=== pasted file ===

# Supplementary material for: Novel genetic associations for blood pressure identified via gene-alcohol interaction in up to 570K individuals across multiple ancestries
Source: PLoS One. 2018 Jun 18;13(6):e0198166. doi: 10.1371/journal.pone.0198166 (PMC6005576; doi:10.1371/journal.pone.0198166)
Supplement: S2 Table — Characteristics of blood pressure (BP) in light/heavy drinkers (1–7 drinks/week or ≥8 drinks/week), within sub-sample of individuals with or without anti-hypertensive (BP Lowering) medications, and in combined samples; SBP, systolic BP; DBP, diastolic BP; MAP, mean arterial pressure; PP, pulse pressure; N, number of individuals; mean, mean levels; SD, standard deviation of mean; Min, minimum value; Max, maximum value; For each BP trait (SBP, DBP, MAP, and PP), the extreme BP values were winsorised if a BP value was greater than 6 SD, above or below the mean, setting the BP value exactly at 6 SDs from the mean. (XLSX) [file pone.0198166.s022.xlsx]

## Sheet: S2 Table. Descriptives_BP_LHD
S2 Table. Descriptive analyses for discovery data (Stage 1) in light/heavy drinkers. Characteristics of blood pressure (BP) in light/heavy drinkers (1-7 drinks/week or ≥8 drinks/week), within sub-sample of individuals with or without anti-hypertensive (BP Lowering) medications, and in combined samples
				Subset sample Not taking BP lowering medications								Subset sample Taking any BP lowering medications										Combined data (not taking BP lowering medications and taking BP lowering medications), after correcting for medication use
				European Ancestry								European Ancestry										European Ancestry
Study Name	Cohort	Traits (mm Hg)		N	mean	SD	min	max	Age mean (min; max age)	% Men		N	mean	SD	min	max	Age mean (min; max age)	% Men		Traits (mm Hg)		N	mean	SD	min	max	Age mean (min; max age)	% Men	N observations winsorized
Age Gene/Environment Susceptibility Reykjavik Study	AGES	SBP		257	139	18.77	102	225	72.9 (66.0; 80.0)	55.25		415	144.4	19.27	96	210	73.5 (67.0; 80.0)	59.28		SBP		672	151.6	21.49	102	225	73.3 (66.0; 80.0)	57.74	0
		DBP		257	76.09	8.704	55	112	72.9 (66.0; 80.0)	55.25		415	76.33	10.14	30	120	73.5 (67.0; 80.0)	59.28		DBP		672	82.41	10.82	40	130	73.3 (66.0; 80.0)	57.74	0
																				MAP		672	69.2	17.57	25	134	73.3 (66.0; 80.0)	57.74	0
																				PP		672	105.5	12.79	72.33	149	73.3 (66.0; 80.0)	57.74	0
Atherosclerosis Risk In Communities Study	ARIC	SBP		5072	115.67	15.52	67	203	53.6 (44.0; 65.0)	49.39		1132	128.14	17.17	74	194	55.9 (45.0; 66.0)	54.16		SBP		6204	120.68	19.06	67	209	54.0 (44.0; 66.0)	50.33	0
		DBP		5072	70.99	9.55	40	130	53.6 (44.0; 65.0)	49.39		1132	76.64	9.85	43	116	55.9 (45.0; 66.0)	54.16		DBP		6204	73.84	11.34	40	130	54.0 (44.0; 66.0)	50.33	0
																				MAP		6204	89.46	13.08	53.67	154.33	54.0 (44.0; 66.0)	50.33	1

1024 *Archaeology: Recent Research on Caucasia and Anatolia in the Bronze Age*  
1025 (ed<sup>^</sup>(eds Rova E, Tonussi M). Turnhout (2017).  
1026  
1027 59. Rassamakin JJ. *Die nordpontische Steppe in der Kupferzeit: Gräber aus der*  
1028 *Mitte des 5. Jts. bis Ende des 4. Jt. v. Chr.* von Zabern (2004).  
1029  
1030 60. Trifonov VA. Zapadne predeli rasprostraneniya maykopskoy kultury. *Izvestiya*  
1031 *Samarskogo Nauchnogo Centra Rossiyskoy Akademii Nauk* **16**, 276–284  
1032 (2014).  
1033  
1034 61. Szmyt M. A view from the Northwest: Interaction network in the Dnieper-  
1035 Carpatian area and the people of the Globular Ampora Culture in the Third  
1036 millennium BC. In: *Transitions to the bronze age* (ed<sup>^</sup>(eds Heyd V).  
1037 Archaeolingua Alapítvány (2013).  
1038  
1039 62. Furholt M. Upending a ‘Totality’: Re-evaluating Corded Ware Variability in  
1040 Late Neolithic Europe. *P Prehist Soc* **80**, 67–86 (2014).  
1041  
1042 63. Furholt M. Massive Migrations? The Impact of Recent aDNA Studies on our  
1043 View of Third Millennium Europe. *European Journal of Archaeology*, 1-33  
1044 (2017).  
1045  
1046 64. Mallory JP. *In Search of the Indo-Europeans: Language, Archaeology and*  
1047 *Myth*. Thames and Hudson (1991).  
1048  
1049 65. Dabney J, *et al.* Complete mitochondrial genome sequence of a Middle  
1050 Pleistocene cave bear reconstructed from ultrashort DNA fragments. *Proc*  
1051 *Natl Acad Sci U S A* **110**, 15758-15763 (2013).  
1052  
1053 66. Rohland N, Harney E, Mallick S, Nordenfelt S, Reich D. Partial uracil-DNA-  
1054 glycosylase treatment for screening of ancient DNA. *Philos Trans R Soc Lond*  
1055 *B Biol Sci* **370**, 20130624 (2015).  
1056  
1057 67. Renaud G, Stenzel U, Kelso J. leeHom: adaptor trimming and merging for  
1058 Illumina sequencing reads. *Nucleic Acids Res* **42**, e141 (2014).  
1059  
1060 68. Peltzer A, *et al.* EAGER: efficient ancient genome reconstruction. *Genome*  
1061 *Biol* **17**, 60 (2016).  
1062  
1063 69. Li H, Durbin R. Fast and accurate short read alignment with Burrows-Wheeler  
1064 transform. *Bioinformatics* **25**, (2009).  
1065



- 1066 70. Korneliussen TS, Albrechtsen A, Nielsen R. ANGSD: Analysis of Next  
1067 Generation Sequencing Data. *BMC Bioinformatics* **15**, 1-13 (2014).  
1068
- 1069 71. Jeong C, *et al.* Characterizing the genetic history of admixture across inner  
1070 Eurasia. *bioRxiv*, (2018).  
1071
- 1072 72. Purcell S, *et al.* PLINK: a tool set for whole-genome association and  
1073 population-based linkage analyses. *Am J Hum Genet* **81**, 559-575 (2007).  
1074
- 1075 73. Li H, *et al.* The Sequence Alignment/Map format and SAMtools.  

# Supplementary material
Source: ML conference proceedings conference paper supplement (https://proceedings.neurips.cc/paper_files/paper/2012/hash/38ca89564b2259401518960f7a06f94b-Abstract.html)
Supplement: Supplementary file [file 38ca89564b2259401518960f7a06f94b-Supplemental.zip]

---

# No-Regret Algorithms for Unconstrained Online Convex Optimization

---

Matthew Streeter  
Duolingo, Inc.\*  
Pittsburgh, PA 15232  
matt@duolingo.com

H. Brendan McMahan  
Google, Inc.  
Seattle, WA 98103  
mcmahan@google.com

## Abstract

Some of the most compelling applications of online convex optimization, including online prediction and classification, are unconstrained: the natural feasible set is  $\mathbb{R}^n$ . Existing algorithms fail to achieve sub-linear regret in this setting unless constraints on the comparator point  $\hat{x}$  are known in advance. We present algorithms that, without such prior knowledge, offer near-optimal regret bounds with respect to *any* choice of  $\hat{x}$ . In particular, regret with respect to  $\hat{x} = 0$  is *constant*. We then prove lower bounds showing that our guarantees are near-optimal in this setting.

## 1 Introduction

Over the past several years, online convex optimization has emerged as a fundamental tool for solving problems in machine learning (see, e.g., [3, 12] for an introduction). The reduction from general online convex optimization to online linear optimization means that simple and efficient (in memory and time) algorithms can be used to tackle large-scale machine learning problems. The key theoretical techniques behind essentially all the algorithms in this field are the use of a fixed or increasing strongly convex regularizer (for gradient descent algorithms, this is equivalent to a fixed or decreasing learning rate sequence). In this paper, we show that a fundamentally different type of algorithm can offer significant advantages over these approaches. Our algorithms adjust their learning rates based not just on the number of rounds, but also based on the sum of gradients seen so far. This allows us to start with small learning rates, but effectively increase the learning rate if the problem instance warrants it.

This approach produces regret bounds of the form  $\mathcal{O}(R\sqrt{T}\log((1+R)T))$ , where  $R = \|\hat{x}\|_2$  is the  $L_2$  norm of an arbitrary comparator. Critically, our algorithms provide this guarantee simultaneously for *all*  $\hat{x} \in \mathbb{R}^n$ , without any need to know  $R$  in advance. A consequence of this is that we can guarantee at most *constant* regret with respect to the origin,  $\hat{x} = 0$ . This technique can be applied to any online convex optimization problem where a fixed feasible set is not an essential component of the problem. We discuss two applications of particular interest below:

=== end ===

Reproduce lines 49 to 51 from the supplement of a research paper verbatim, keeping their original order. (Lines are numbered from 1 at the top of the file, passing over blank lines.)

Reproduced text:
1057 67. Renaud G, Stenzel U, Kelso J. leeHom: adaptor trimming and merging for  
1058 Illumina sequencing reads. *Nucleic Acids Res* **42**, e141 (2014).  
1059  